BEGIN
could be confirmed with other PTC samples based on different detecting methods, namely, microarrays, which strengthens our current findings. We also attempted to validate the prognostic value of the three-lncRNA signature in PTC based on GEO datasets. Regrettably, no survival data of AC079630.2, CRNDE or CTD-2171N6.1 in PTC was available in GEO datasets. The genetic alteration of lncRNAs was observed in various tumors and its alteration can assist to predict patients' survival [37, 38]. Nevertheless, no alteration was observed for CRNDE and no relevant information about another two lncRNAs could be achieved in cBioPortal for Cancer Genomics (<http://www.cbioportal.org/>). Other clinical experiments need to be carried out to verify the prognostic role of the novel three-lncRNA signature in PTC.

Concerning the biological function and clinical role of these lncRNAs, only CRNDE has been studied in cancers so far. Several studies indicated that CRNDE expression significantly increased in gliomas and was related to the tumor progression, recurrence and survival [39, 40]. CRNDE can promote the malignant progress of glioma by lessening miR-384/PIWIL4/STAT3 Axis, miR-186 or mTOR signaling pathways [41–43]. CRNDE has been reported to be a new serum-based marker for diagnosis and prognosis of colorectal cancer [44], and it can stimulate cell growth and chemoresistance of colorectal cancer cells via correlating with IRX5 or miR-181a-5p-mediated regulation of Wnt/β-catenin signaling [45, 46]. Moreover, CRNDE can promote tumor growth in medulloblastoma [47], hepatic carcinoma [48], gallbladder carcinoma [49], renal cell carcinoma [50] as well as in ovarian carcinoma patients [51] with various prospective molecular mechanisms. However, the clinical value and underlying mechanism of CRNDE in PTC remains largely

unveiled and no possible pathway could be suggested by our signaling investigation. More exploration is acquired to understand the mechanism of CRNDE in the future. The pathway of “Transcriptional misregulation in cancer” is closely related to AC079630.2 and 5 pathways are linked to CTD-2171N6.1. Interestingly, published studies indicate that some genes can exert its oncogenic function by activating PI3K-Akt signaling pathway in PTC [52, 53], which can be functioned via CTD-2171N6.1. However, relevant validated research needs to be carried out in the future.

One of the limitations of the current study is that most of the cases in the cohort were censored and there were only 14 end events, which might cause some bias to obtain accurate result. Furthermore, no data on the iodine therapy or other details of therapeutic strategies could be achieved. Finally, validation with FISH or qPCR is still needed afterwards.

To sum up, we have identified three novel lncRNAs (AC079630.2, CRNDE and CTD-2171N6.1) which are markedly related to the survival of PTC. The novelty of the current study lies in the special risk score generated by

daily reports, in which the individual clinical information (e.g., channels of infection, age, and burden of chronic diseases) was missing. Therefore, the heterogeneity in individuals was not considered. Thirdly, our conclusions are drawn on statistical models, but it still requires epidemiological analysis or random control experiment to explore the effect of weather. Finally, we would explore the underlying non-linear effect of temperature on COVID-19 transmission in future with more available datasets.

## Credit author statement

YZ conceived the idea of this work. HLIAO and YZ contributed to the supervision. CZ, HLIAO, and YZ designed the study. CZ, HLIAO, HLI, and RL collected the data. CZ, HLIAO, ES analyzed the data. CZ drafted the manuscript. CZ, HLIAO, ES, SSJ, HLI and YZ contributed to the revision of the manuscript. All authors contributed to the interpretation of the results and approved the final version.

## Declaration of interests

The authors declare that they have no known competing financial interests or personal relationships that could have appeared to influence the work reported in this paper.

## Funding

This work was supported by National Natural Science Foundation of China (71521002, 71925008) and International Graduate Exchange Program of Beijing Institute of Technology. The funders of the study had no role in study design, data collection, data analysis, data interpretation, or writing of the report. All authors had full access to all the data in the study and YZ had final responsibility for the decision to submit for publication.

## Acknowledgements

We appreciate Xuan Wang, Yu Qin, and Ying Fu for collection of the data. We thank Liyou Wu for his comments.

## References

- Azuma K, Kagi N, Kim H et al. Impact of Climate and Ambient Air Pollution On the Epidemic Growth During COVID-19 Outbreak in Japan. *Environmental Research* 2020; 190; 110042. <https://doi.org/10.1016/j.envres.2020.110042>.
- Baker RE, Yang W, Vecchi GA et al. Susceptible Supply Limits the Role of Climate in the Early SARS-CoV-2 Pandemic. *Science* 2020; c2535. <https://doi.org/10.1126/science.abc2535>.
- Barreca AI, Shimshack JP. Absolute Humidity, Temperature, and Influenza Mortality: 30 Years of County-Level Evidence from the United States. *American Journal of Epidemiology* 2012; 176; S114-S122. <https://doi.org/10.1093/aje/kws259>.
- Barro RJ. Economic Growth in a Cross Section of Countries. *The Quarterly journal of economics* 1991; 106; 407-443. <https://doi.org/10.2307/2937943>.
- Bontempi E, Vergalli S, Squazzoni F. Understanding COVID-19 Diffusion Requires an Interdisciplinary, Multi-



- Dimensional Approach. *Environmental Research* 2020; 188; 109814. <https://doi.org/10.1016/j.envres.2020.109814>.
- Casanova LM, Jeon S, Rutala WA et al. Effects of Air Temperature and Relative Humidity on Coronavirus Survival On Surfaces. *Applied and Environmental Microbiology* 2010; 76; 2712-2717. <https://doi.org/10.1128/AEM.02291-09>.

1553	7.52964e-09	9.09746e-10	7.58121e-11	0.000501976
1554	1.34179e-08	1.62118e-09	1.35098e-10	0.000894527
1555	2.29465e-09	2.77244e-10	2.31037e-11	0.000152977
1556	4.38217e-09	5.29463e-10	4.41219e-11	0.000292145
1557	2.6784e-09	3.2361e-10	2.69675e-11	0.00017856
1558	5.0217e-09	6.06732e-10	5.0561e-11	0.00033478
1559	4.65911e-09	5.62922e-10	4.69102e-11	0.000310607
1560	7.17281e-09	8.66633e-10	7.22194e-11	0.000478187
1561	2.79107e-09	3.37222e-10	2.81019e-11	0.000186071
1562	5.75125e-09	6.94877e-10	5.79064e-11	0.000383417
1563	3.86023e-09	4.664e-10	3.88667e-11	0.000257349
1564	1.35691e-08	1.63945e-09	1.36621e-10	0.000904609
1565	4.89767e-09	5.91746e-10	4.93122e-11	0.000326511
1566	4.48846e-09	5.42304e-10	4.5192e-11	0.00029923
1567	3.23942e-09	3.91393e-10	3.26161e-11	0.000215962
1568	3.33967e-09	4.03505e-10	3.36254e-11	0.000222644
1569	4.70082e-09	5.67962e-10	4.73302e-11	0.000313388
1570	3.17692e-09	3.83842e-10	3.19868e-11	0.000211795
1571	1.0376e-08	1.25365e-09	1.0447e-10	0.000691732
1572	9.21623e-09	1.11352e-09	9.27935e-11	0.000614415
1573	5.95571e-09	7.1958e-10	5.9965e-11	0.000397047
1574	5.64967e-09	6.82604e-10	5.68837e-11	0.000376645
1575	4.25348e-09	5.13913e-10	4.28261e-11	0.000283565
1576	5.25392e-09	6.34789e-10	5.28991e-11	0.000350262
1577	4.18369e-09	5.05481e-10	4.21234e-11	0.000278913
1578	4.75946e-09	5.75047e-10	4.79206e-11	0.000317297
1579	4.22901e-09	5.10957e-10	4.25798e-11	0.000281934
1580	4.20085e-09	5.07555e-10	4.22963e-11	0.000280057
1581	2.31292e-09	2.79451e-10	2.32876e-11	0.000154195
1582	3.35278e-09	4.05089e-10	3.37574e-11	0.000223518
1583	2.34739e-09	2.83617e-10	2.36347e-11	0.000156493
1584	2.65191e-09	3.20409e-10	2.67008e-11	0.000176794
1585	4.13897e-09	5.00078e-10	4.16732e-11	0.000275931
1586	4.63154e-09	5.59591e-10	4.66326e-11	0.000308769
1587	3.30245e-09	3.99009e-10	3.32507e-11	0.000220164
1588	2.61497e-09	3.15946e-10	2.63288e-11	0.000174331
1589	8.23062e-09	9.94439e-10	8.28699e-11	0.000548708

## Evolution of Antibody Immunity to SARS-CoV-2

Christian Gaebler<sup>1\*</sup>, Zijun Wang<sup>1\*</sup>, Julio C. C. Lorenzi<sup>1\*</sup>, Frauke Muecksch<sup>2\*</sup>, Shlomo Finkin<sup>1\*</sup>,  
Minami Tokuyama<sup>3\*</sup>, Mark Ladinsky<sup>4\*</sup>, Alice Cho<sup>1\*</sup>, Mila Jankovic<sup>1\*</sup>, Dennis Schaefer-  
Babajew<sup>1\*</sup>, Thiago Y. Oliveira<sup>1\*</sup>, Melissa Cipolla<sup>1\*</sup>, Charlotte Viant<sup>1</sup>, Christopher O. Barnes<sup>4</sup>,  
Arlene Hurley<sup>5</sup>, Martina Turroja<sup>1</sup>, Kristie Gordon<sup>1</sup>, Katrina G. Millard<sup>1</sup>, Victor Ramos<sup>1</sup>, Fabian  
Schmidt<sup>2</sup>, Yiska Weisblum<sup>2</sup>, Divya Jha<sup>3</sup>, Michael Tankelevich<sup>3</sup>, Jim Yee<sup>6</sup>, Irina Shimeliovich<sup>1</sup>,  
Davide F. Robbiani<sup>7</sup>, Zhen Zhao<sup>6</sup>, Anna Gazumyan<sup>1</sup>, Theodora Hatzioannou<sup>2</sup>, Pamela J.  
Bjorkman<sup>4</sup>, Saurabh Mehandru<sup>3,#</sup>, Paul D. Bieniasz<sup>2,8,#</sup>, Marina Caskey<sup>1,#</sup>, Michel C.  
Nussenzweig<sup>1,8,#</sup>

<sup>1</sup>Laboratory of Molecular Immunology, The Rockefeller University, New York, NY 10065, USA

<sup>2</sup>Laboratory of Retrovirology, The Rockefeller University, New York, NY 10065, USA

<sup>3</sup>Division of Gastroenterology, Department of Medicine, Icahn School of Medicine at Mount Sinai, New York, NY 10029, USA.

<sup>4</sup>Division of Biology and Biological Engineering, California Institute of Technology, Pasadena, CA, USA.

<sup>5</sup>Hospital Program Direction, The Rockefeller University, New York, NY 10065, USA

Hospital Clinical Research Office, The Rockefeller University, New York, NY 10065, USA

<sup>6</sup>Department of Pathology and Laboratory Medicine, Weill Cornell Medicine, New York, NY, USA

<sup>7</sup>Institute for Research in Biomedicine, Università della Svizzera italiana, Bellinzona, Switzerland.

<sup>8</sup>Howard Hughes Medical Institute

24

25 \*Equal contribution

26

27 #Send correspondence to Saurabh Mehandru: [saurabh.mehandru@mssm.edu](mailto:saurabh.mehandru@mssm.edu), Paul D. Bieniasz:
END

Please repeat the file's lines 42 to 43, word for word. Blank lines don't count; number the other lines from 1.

1572	9.21623e-09	1.11352e-09	9.27935e-11	0.000614415
1573	5.95571e-09	7.1958e-10	5.9965e-11	0.000397047